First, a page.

Ten months of classroom study, days of target practice at the shooting range and hours of immersing myself in the ethics and strategies of hunting all built to a climax on the weekend after Christmas: my first big game hunt.
The anticipation was almost overwhelming as, on Dec. 28, my daughter, Natalie, and I embarked on our first big game hunt as members of Colorado Parks and Wildlife’s Rookie Sportsperson Program (RSP).
The RSP is a free program offered by CPW’s Southeast Region headquartered in Colorado Springs. It takes novice outdoors enthusiasts like Natalie and me and teaches them outdoor skills. Hopefully, attendees are inspired to get outside and sample all the adventures available in Colorado’s great outdoors.
We are learning about hunting, fishing, camping, hiking and much more. We became certified in the safe handling of firearms through a Hunter Education course and have been out on a couple small-game hunts with our mentor, District Wildlife Manager Logan Wilkins.
Along the way, Natalie and I began to understand why people hunt. We learned how hunting provides perhaps the most organic, natural protein one can find. And we learned how CPW uses hunting to protect big game animals from starvation and disease that result when herds grow too large, leaving no food for them on over-grazed habitat.
Way back on March 30, in anticipation of my hunt, Wilkins helped me decide which hunting license to buy so I could join him on a mentored pronghorn hunt near his district in Limon. Ever since, I’ve had the license in my wallet, just waiting to use it.
Every once in a while, I would take it out and read it: “Resident Pronghorn License. Doe Late Rifle. For Units 110, 111, 118, 119, 123, 124. Season Dates: 12/01/19 – 12/31/19.”
On the big day, Natalie and I met Wilkins at 6:30 a.m. in Limon. It was a cold Saturday morning, but I was burning with the Big Game Fever. Wilkins had gotten permission from a landowner in the area to let a couple novice hunters come try their luck at pronghorn hunting.
As we stepped out of the truck, the wind blew bitter cold in our faces and would continue to blow throughout the day. I was proud of my daughter: she never complained.
My first good chance to get a pronghorn came early in the day. We found a position in a field around 150 yards away from a group of pronghorn and sat down to keep from drawing attention to ourselves.
I positioned my lefty Savage Rifle, loaded with .243 Winchester ammunition, on a set of shooting sticks and tried to aim as the wind whipped us. Out in the field were two does and one antlerless buck, “all legal” with my license, Wilkins told me.
I took a deep breath and found them in my scope. But I couldn’t get the crosshairs to hold still long enough to feel comfortable taking a shot. We had practiced on targets at 100 yards and these pronghorn, at 150 yards, were just out of my range.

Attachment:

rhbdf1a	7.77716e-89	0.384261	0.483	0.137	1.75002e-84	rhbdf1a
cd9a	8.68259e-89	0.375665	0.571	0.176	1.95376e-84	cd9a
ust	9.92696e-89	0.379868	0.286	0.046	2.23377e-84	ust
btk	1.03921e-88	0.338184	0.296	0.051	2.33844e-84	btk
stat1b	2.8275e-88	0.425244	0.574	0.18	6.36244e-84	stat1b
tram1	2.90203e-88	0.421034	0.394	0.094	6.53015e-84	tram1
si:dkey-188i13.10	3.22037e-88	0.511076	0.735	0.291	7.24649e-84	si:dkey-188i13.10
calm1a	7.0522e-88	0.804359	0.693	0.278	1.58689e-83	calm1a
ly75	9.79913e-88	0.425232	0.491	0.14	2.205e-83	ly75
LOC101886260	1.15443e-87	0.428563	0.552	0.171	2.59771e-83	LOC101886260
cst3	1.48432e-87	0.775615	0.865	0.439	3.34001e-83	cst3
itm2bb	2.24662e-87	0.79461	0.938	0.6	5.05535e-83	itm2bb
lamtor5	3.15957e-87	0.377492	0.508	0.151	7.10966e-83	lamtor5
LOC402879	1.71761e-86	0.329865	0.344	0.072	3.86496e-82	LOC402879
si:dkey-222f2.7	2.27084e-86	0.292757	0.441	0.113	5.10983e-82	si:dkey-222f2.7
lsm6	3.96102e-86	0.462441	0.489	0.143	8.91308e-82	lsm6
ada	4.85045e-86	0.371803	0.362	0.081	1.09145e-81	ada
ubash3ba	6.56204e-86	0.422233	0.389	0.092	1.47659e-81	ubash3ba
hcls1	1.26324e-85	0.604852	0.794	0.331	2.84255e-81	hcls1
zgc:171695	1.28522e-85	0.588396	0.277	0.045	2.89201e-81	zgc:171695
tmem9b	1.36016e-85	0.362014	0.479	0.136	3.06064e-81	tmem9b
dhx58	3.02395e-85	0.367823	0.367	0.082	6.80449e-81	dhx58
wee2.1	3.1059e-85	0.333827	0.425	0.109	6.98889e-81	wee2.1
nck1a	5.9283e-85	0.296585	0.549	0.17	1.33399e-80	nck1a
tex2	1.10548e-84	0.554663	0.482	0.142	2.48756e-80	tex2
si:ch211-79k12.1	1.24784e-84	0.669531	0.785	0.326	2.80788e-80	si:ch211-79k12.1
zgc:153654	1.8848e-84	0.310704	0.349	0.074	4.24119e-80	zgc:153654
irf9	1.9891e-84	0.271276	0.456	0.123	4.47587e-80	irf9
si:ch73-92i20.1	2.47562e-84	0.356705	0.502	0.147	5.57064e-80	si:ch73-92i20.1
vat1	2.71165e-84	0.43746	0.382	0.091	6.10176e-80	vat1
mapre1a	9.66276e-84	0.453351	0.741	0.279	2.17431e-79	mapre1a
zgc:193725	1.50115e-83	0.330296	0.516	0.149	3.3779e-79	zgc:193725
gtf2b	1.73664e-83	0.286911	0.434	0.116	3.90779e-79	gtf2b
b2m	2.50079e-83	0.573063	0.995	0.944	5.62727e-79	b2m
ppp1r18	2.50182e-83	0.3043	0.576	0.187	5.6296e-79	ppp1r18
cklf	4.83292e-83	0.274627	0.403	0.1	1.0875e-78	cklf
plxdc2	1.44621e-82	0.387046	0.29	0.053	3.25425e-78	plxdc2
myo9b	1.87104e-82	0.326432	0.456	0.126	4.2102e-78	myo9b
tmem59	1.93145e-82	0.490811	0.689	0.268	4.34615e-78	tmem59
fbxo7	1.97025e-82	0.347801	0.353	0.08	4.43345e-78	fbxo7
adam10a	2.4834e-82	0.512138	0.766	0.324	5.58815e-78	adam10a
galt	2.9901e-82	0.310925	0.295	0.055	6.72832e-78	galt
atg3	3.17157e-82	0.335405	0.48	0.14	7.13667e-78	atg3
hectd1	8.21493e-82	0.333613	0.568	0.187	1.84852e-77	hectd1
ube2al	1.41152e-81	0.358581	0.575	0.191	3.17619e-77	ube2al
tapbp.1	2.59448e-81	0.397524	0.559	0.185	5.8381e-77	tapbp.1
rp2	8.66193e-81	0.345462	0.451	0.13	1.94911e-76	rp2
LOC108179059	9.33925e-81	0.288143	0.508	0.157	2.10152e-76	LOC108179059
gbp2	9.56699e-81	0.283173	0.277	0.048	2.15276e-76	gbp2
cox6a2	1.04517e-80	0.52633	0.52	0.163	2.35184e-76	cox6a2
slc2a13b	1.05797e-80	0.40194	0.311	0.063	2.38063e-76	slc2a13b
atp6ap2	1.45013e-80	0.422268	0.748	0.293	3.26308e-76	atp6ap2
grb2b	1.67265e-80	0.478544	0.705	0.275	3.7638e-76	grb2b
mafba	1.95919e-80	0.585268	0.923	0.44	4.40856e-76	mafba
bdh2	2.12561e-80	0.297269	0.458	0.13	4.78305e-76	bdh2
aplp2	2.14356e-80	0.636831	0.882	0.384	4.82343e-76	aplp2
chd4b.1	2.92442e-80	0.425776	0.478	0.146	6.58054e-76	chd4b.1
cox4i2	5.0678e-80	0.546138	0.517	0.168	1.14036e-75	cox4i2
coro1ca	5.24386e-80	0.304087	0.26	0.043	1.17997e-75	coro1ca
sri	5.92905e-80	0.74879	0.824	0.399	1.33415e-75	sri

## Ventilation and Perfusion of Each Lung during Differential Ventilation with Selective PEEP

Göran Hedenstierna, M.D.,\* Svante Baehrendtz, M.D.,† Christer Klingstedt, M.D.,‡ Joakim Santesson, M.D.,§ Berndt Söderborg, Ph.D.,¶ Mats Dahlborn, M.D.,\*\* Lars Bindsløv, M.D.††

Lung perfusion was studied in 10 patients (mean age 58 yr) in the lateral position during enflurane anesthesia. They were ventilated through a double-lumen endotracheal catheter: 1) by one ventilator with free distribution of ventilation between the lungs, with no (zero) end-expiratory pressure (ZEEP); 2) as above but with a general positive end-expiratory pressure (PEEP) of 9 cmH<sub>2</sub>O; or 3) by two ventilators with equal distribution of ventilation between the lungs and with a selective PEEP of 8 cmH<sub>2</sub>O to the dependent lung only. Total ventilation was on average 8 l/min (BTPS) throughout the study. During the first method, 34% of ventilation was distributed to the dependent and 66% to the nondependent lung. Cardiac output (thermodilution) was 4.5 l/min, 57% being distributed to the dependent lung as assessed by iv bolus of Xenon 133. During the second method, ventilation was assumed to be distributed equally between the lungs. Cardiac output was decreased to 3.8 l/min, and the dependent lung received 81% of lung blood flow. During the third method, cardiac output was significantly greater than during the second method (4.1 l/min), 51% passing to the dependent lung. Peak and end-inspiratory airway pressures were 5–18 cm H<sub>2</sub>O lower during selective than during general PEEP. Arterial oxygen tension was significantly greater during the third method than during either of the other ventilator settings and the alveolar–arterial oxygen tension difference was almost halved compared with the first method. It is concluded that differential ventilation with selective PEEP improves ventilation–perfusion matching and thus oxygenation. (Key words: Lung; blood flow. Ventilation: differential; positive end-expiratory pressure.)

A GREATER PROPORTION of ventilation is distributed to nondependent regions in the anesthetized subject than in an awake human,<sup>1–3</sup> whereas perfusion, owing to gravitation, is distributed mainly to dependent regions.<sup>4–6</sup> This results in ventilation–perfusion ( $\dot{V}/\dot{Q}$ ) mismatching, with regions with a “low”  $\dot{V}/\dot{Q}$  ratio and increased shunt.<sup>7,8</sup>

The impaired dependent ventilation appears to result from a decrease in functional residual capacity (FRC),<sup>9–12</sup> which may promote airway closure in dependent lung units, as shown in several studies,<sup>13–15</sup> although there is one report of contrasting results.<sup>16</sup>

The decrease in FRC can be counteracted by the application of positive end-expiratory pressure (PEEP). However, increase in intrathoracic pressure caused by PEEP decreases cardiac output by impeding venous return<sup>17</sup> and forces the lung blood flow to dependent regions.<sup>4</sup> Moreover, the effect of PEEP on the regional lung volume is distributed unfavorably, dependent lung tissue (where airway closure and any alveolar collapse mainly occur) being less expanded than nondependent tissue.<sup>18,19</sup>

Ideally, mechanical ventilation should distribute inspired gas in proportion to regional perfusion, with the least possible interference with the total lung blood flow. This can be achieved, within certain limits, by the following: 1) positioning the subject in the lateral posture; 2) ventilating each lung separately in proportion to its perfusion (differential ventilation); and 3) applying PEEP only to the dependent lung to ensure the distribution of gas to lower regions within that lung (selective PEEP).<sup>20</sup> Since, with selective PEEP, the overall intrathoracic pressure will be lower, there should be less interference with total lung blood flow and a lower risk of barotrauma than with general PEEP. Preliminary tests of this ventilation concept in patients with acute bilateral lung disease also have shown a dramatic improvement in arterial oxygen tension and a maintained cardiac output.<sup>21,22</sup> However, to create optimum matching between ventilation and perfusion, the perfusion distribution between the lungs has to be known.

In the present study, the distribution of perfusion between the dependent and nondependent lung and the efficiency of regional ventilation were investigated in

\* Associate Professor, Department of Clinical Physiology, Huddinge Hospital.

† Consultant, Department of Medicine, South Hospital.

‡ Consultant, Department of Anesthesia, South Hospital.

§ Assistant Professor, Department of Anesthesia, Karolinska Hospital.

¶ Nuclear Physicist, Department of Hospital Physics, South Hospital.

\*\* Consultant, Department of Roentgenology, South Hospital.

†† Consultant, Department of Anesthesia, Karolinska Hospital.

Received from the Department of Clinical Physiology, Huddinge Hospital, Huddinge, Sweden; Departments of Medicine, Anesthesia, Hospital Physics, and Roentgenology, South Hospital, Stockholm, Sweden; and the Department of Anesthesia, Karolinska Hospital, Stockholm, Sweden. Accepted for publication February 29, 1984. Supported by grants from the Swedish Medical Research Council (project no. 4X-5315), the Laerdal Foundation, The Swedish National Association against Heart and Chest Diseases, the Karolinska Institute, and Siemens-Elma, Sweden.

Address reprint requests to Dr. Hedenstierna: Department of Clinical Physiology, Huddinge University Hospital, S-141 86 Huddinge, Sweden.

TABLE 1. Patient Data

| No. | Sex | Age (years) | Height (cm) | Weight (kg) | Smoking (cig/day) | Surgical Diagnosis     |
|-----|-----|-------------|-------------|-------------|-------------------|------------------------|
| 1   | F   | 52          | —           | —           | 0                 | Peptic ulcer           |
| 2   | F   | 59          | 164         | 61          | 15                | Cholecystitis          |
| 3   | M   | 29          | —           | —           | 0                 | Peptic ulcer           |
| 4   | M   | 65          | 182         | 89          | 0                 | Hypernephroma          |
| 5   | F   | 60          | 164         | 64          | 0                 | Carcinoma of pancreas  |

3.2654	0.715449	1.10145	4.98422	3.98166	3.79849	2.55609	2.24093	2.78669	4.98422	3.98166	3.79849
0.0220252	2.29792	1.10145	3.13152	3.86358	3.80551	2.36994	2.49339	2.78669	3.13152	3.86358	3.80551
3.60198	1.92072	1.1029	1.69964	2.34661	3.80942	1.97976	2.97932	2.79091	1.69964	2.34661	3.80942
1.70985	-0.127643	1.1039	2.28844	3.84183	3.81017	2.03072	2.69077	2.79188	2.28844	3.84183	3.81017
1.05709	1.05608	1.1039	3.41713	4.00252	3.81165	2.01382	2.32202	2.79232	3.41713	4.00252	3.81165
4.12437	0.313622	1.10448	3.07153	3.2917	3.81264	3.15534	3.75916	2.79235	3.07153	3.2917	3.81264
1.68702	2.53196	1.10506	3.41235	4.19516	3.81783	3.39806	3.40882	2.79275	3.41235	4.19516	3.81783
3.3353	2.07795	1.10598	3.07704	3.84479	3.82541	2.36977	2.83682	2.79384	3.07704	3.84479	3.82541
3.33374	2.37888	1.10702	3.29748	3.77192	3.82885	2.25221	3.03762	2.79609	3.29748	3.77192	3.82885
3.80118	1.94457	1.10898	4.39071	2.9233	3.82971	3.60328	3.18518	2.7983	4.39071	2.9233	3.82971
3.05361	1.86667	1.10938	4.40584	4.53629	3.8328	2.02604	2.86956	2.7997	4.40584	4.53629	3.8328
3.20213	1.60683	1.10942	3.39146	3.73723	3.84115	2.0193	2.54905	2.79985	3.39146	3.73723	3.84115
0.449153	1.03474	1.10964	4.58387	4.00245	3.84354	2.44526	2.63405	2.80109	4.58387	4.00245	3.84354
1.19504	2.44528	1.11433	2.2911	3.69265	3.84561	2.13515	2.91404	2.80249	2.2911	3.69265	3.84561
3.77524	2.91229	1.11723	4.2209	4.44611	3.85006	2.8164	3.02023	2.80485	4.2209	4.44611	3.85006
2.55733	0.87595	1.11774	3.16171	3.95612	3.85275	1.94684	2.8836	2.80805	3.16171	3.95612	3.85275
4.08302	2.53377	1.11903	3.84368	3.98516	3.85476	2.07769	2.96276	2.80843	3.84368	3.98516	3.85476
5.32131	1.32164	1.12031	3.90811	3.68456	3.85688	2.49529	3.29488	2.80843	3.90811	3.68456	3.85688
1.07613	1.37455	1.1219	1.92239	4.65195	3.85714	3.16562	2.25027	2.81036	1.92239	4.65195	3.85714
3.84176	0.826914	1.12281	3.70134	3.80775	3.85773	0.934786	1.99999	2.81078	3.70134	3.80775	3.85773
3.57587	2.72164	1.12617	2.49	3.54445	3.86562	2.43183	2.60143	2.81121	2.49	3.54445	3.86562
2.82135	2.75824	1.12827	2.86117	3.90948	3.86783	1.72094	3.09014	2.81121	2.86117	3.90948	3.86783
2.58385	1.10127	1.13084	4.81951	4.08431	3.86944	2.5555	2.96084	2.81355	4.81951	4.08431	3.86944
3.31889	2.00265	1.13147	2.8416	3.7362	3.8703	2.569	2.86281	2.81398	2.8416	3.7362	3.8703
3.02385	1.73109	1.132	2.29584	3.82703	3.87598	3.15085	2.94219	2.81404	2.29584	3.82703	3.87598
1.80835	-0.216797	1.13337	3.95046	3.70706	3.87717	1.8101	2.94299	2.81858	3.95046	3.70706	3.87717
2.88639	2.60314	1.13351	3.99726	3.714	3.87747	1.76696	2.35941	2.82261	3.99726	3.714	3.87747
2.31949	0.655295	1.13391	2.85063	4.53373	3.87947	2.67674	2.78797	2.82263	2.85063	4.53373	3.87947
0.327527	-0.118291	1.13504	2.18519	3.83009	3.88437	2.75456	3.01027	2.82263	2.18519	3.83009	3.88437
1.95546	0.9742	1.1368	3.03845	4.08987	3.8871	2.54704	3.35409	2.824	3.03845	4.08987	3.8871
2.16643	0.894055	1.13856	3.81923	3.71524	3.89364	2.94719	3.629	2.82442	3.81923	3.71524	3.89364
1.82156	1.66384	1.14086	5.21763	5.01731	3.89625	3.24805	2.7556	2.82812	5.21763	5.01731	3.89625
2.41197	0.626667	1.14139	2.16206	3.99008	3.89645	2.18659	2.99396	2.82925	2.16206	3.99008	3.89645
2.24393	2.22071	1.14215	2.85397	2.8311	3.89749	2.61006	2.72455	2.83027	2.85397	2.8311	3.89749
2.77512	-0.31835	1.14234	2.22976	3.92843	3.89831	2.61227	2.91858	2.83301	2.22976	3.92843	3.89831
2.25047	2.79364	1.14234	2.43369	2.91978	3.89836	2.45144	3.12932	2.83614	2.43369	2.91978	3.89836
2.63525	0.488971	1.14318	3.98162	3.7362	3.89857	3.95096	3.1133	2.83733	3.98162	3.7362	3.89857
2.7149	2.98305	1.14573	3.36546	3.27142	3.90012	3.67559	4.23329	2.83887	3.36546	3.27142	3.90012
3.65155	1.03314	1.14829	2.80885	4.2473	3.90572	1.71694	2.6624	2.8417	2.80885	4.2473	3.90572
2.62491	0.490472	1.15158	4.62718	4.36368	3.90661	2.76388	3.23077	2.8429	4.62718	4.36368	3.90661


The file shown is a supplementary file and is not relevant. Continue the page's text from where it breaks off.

As I struggled to calm my sights, I sat back on my butt and we adjusted the shooting sticks. But I still couldn’t get the scope to remain still long enough to feel comfortable taking a shot. We decided to get up to try to get cover behind a nearby hay bale.
“We’ll see what they’ll tolerate,” Wilkins said.
Turns out they didn’t tolerate much from us. As soon as we got up and began walking, the three pronghorn took off, moving so quickly out of range that their speed seemed almost supernatural.
“They say they evolved alongside big cheetah-like cats,” Wilkins said. “Myself, I like to say God was just showing off.”
He told me pronghorn will stand facing into the wind so that the scent of predators is blowing toward them. And I read online later that windy days on the plains can dry a pronghorn’s eyes, impairing their sight and making them skittish.
They certainly were jumpy the day we were hunting them. We spent the rest of the morning trying to spot and stalk them. Many times we saw a herd and crossed freezing fields hoping to sneak up only to pop up over a small hill and find the herd had disappeared.
We broke for a late lunch around 1 p.m. Wilkins offered to get a hunting blind – essentially a camouflage tent – that we would sit in until dark. But bad weather was moving in and news of cars sliding off nearby Interstate 70 convinced me to call it a day.
When we got home, I fell asleep sitting on the couch while my girlfriend was talking to me about how our hunt went. The next week, when people asked me how my hunt went, I told them what I’d heard others say: I ended up just taking my gun for a walk.
But the day was much more than just a cold hike with my gun. As with my small-game hunts, I got to experience with my daughter an adventure we will never forget. Sure we didn’t even get off a shot. But we enjoyed the preparation, the anticipation, the quest, the shared experience of trying to feed ourselves the way our ancestors did a century ago.
Like many things, it’s more about the journey than the actual destination.
Travis Duncan is a public information officer for Colorado Parks and Wildlife in Denver. Travis has lived in Colorado nearly 20 years and loves the outdoors. If you have a question, please email him at firstname.lastname@example.org
Sounds like a great experience; and good for you for not trying to squeeze off a shot you weren’t comfortable with. I know the urge to “see what happens”, but if wounding the animal is what happens you’ll realize too late that it wasn’t worth it. I’m sure the ethics you learned in the CP&W classes gave voice to your better judgement, and I imagine your gun appreciated the walk. Enjoy your newfound activity, and thanks for sharing it with the next generation. That’s essential in many ways.